Sunday, October 6, 2013

Lessons From "The Wayback"

“The Wayback” does not refer to stories from “way back when” but instead refers to the pre-minivan place where many of my generation spent our childhood. “The Wayback” of the family station wagon was the place where the youngest family members were positioned for family road trips - long and short. There were no seatbelts, or seats for that matter, no DVD screens or game consoles. We were simply dumped back there to bounce around for the journey and figure out a way to entertain ourselves.

It was a place where you either learned to get along with your siblings, or didn’t. But either way it didn’t matter, you were stuck back there with them. Often it was hot, and no amount of pillows or blankets could make it comfortable, especially when your younger sister spent all the time in the “wayback” chattering nonstop.

My life in the wayback began in a playpen and lasted well into my teen years. It was there that I learned to get along with my sister, that you don’t leave family behind and that littering is not tolerated.

I was recently reminded of the “no littering lesson” as I a drove down a country road on my way to a storytelling gig. On the side of the road for a quarter mile stretch there were beer cans, fast food bags, super size drink cups and other assorted trash strewn carelessly amidst the grass and scrub trees. Obviously someone had not learned the “no littering” rule. It is simply baffling to me that someone can throw their trash out their window and not give it a second thought. I mean really! Who do they think is going to clean up their trash!!

I remember vividly the day I learned NOT to litter. I was eight and my sister was six. We were in the “wayback” of the family station wagon somewhere between Massachusetts and California. We’d been back there for weeks! We (my brothers) had tried to leave my sister in Utah but had been unsuccessful. That was the moment we learned “you don’t leave family behind”! But I digress – back to littering.

My sister and I were playing around in the “wayback”.  It was a hot day and all the windows were open. The wind was whipping through the car blowing our hair everywhere. She handed me a piece of Trident gum and I quickly unwrapped the piece and popped it in my mouth. The gum wrapper slipped through my fingers and sailed out the back window of the wagon. Some how my father saw that wrapper flicker in his rear view mirror and sail away.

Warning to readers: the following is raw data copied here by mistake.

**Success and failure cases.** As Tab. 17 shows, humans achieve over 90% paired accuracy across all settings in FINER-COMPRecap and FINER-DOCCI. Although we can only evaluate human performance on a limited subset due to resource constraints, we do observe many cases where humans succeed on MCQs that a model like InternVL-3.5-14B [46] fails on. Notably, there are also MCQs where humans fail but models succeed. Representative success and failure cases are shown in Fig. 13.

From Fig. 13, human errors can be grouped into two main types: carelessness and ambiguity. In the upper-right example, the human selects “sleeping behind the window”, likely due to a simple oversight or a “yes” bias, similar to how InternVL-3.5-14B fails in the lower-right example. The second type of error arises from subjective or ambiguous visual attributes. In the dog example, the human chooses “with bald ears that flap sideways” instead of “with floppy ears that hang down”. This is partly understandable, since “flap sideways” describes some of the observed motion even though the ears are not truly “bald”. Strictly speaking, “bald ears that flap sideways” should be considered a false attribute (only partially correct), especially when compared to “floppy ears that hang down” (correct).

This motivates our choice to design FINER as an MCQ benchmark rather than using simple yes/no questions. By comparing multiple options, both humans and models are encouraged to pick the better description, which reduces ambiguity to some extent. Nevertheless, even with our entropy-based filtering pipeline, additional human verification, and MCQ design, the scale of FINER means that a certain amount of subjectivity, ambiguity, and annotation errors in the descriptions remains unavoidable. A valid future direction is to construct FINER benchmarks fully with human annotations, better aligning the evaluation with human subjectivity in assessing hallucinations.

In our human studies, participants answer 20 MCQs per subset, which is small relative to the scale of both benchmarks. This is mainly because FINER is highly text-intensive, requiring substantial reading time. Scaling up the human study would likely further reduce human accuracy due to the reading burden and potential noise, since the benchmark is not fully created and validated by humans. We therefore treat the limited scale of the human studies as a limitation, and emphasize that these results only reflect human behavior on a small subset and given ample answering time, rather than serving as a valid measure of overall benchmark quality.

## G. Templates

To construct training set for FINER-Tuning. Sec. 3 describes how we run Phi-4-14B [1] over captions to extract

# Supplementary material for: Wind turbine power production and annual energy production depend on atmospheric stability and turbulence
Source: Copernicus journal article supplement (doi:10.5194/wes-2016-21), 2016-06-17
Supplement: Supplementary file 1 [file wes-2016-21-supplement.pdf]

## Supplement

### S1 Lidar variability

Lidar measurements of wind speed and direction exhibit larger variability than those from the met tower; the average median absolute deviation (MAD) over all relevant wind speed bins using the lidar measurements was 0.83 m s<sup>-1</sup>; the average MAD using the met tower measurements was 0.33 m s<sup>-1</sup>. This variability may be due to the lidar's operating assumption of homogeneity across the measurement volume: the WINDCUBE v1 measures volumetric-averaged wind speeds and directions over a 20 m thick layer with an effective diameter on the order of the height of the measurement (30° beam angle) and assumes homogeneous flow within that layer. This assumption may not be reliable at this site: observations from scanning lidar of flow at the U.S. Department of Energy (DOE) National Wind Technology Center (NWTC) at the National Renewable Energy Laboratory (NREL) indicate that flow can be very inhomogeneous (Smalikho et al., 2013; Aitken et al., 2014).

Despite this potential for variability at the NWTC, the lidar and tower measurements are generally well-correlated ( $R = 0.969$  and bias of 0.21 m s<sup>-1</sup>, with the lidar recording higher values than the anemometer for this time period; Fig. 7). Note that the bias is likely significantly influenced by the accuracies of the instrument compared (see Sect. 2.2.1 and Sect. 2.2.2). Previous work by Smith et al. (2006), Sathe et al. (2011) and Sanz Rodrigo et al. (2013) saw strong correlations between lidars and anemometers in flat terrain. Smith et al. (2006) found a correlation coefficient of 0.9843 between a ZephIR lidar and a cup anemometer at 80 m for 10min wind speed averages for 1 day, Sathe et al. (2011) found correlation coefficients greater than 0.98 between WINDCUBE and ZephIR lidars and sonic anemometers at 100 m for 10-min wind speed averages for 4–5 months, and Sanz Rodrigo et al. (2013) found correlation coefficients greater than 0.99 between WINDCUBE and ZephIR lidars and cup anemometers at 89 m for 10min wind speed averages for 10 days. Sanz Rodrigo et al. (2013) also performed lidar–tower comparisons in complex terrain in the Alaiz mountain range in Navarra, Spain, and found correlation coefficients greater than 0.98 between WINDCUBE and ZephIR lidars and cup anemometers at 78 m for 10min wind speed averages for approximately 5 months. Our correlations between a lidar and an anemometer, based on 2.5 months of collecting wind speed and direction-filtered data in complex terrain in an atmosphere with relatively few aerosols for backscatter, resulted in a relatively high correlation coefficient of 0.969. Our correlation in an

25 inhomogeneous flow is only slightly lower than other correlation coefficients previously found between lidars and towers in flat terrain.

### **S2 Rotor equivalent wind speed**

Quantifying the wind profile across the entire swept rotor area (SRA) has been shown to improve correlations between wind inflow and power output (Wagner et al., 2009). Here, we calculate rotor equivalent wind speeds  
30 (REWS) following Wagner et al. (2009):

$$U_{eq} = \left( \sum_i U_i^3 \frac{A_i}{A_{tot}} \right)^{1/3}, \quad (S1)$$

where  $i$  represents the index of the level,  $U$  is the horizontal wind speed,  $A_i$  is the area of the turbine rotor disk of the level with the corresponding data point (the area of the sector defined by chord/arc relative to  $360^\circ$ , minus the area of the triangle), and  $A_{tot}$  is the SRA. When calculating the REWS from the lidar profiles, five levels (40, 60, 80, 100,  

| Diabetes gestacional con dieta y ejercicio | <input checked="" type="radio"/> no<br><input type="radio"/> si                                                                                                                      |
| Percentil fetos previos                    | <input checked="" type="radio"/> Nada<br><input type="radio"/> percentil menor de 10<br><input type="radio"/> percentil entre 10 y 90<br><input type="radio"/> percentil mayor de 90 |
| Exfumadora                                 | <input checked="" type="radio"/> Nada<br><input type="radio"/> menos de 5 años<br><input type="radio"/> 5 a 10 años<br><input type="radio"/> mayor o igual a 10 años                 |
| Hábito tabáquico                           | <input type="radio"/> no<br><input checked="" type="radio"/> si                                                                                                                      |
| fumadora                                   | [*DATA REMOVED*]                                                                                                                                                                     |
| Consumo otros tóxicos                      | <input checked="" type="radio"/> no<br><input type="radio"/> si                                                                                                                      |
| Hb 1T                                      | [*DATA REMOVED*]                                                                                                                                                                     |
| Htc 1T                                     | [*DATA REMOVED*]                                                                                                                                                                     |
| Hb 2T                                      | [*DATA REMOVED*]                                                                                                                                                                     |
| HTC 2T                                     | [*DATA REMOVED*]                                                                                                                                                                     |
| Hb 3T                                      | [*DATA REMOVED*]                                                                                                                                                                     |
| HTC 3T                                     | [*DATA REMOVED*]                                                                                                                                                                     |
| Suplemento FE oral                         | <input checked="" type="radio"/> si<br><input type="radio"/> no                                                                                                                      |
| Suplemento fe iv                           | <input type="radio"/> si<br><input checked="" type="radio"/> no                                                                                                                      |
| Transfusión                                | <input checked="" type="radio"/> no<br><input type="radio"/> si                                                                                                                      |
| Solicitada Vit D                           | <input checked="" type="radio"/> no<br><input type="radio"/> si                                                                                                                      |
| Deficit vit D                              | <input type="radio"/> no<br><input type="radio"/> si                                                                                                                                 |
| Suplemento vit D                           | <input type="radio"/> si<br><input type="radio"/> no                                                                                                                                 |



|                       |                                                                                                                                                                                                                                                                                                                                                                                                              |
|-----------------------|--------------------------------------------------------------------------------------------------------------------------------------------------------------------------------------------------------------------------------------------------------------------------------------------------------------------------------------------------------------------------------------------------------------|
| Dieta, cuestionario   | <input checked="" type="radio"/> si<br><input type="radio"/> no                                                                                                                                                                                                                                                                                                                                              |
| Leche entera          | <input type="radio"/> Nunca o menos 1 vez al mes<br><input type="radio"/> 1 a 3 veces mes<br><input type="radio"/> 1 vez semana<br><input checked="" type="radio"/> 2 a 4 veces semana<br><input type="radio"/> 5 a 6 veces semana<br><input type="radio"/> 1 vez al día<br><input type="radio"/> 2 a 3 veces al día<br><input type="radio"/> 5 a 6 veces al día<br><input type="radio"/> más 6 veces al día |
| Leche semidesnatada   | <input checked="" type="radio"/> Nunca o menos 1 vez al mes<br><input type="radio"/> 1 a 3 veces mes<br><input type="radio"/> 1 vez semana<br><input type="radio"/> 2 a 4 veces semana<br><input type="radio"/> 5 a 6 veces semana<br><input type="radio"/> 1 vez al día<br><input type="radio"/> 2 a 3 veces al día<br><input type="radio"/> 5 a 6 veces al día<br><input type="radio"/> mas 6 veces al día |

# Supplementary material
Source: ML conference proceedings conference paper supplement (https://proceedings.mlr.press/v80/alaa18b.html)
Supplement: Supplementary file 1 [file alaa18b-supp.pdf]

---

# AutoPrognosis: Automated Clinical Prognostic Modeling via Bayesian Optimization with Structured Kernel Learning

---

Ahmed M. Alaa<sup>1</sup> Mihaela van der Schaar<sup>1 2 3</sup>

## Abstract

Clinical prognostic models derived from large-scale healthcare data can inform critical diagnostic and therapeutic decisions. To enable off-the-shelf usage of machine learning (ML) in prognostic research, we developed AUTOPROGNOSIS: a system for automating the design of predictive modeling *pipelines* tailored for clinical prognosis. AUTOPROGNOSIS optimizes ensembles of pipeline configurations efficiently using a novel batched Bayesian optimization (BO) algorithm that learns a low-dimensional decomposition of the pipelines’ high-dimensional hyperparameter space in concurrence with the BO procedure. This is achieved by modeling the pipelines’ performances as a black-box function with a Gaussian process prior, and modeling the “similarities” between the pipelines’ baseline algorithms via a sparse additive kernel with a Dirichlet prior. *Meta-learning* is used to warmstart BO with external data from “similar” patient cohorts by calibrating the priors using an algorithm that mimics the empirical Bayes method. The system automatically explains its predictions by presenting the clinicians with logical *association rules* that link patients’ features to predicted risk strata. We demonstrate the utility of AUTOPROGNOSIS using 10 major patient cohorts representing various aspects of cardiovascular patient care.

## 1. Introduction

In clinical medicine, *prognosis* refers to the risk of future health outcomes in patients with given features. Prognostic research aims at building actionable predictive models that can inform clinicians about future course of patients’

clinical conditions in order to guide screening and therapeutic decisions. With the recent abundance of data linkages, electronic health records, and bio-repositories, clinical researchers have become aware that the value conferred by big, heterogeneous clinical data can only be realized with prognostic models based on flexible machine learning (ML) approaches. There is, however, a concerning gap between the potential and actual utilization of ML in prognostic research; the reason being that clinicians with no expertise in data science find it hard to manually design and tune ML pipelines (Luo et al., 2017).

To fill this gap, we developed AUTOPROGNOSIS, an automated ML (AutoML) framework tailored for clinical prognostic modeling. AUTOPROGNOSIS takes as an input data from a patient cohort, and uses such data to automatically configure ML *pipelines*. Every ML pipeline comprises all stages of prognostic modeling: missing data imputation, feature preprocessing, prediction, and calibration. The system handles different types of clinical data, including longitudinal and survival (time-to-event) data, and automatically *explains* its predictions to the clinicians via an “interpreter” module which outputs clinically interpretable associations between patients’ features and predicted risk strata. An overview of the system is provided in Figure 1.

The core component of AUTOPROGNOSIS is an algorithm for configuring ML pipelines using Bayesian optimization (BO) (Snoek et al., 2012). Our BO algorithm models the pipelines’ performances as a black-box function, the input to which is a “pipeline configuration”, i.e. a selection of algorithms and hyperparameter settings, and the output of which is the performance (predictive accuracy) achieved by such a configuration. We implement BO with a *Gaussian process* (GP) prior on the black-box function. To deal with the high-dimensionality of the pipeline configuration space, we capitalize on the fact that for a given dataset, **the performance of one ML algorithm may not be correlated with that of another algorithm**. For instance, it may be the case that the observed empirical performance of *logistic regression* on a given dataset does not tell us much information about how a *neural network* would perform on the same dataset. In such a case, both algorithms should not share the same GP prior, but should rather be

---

Immediately he pulled over to the side of the road, got out of the car and walked around to the back window. He leaned in and asked us, “Whose wrapper was that?” We both pointed to the other one and said, “Hers”. We then watched Dad walk to the camping gear we towed behind us in a small sail boat. He pulled the canvas back revealing the camping gear and pulled out a Hefty trash bag. He walked back over to our window, handed us the trash bag and instructed us to pick up the trash on the side of the road.

While Beth and I walked along the side of the road picking up trash, Mom, Dad and the boys sat by the side of the road drinking lemonade. When Beth and I had filled most of that trash bag we walked back over to Dad to ask if we were done. He looked at us and asked, “Did you find your gum wrapper?”

Are you kidding me! We didn’t find our gum wrapper, but we did learn a valuable lesson that day. I never littered again – even by accident.

Twenty-five years later it was a lesson I taught my sons along a country road in West Virginia. You don’t leave your trash behind. I sure wish everyone had learned that lesson when they were young. What a beautiful world it would be . . . .
(c) 10.06.2013 Martha Reed Johnson